Robin Robertson (g); Colin Train (kybds, voc); Colin Cunningham (b); Jim Drummond, Al Pugh (d)
The Jazz Tigers are broadly speaking a jazz fusion outfit, who to these ears, tilt slightly more to the rock side than the jazz. As one would expect from such an aggregation the arrangements and rhythm section are tight, yet retain a lightness of delivery that prevents the music getting bogged down, and give proceedings a relaxed and enjoyable lilt.
All the tracks, with the exception of Sam Cooke’s ‘Let The Good Times Roll’, are originals penned by the band’s nominal leader, Robin Robertson. A quick resume for the guitarist show that he appears to be equally at home in rock, jazz, blues and indeed classical music, and this quiet confidence and sure-footedness is apparent in this current offering.
All the material is muscular yet lean without being overpowering, with Robertson’s themes getting the point across succinctly. ‘Bros’ has particularly taut groove that gives way to a straight 4/4 swing section that gives ample opportunity for Roberson to display his jazz chops to good advantage.
The aforementioned ‘Let The Good Times Roll’ has a vocal from Colin Train that adds variety and breaks up the set nicely, whilst the ballad is neatly handled by Robertson’s solo guitar feature ‘My View’, which is far too short at a mere 2 minutes 28 seconds, and has an endearing quality that would be nice to hear as full arrangement for the whole band.
An enjoyable set, that presents a band with some interesting things to say in their chosen genre, and who play for the music without sacrificing content and quality over displays of instrumental virtuosity.
For more information, and to buy the album check out www.robin-robertson.co.uk.
Malcolm MacFarlane – all instruments, programming & samples; with special guest John Burgess (clarinet)
Recorded Winter 2011-12
Previous encounters with guitarist MacFarlane have come from hearing his work with the Scottish Guitar Quartet, but this first release on his own Muzone Records imprint is an altogether different animal.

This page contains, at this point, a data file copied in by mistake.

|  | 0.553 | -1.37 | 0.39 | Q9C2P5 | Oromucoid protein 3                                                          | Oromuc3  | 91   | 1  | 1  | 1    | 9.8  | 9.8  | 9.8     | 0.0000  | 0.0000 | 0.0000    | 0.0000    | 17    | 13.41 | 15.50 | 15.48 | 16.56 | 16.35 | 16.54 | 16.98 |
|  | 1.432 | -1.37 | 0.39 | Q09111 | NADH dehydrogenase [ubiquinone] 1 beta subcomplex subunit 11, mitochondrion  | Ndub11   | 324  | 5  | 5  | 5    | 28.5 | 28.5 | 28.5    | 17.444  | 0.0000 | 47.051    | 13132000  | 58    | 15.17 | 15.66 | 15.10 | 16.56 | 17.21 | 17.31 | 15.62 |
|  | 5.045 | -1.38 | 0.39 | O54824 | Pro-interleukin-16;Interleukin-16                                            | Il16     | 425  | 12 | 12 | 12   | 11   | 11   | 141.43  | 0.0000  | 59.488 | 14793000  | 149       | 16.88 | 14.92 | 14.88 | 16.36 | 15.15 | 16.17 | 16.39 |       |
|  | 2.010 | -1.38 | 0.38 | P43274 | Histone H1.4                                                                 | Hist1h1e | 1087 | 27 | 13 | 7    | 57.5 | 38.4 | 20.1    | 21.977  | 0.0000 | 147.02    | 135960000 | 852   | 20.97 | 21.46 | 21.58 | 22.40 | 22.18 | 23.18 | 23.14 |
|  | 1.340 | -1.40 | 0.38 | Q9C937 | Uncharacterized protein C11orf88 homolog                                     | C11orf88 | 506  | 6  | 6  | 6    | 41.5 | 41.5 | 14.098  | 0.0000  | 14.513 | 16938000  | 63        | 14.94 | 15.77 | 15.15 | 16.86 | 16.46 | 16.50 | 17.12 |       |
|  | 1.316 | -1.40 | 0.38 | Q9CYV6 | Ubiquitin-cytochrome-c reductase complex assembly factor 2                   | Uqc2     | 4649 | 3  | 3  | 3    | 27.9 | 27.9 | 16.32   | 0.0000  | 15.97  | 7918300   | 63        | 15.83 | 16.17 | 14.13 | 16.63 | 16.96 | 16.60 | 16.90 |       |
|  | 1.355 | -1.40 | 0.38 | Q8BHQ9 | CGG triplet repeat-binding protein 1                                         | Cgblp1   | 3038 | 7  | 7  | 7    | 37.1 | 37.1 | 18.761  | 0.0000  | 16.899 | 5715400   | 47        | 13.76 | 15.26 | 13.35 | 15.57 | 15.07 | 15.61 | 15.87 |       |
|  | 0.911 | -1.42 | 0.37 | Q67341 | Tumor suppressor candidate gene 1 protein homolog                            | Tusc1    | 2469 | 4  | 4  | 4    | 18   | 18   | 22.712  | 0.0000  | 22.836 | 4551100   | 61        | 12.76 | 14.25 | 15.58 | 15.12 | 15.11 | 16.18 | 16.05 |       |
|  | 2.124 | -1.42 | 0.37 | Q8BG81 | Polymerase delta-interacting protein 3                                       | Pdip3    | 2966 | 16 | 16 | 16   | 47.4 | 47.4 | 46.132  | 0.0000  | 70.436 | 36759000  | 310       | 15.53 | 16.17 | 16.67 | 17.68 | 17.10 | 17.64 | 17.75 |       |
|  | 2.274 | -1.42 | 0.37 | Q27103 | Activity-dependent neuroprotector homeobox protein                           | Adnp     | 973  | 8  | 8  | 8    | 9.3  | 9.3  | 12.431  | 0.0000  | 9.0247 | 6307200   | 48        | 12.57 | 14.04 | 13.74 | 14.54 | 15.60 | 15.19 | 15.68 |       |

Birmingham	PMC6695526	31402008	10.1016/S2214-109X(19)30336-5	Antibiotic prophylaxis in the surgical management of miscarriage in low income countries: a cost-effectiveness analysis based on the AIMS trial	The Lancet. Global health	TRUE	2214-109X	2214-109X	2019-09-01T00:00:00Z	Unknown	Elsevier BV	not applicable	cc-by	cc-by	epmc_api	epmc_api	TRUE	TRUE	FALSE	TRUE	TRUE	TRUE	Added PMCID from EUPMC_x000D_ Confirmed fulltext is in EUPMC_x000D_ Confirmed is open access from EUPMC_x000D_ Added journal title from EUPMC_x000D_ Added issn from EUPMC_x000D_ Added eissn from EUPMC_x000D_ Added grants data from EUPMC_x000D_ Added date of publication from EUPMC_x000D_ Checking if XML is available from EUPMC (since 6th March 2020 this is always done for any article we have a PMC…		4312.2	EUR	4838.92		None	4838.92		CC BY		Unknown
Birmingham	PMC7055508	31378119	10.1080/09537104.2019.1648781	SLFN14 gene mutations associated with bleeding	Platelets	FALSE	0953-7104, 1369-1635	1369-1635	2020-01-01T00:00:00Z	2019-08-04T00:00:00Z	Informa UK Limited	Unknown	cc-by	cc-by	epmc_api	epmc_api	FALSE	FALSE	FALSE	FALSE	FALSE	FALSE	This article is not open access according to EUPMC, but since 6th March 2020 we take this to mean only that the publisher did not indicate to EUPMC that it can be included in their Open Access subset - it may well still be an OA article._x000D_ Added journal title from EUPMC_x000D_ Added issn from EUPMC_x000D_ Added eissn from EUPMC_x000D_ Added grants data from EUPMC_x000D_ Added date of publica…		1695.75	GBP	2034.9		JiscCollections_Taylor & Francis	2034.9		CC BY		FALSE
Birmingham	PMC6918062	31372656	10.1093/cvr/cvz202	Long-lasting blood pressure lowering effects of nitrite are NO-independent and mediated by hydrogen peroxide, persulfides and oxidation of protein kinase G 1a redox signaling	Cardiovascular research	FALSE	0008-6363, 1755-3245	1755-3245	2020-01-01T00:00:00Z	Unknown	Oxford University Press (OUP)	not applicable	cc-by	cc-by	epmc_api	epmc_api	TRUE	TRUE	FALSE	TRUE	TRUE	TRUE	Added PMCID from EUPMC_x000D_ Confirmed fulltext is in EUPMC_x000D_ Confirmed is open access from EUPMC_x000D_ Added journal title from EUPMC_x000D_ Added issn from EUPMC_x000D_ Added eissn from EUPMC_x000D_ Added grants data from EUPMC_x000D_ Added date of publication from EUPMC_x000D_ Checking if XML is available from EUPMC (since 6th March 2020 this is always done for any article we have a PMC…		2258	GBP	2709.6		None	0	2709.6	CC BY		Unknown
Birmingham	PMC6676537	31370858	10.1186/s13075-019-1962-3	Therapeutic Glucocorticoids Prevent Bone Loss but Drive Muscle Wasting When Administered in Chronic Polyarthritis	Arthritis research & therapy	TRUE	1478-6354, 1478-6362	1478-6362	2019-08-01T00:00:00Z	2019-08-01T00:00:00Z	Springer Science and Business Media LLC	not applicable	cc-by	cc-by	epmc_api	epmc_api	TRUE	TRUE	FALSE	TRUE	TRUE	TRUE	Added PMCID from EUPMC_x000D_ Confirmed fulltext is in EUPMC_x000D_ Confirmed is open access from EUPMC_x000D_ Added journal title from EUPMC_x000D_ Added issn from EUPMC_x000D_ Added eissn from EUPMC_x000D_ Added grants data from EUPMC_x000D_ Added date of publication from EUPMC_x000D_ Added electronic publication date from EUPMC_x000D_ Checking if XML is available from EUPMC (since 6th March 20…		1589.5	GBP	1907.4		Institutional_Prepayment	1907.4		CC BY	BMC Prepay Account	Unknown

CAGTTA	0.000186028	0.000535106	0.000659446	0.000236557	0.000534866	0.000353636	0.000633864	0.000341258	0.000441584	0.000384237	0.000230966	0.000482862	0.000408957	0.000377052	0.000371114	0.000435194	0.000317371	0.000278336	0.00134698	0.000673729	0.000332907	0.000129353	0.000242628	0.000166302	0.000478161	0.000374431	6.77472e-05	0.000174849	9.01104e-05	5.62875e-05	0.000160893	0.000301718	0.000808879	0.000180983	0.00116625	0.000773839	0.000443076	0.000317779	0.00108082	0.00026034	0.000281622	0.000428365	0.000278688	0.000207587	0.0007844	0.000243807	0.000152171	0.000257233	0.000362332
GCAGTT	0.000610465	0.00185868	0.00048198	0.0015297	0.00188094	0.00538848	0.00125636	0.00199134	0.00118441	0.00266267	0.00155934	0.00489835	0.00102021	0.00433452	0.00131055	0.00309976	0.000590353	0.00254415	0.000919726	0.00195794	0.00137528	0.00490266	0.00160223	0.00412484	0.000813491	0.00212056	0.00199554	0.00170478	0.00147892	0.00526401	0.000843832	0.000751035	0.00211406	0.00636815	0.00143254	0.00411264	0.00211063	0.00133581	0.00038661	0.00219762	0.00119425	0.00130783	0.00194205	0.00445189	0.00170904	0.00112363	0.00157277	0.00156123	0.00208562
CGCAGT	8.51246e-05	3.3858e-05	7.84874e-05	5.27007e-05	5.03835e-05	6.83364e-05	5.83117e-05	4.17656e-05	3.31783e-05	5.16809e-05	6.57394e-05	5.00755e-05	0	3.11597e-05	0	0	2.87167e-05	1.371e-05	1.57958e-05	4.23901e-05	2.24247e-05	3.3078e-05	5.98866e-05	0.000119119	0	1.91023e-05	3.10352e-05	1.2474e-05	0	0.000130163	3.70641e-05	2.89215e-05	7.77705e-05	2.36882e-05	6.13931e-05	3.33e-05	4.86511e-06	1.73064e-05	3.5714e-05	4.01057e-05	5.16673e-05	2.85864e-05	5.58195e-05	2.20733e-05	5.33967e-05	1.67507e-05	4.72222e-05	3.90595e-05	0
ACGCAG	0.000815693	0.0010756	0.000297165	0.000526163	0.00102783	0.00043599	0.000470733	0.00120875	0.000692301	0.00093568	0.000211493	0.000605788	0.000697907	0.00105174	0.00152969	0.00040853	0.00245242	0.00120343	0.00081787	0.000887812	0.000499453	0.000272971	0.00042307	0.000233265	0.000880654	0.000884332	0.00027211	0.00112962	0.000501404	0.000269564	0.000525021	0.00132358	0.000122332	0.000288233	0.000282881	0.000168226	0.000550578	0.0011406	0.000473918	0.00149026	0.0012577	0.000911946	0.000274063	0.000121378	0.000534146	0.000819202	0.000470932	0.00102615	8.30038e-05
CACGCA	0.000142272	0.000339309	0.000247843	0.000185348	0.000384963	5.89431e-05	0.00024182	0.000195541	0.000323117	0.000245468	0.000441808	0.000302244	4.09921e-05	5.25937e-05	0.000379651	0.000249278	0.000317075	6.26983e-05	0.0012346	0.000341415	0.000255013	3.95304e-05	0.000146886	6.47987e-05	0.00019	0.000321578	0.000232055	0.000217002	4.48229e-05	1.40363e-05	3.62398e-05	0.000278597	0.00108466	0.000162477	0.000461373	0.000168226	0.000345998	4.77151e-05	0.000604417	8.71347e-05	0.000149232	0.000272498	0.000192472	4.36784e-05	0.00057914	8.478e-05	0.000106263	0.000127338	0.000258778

This all new project finds MacFarlane in the sometimes solitary world of the solo recording, electing to play or sample (nearly) all of the instruments himself, creating an electronic soundscape of some ingenuity.
Eschewing all displays of instrumental virtuosity, the guitarist has created a musical journey that unfolds slowly and patiently over the albums duration. Attention to the most miniscule detail is the thing here, as the music takes the listener along in its wake, as new ideas are subtly introduced.
The technical skill and patience, and according to MacFarlane, the sheer endurance and time required in such a project is immediately apparent, but at the end of the day it is the music itself that must speak most clearly and ensures the success of the venture as a whole.
It is with this in mind that MacFarlane has succeeded in creating a wholly satisfying set that, despite some fairly long tracks, in excess of the 12 minute mark, is curiously absorbing. Each musical idea is examined in the cold ‘winter’s’ light and allowed to develop to a logical conclusion without over overstaying its welcome, gently moving on and incorporating new themes and ideas. At times seemingly static passages move into a rhythmic groove that tugs at the ear before calm and serenity once again prevail.
This is a beautiful and absorbing disc that, by the guitarists own admission, is not jazz but will appeal to a wide spectrum of listeners.
Check it out at www.malcolmacfarlane.com.
You can purchase the album form iTunes and Amazon.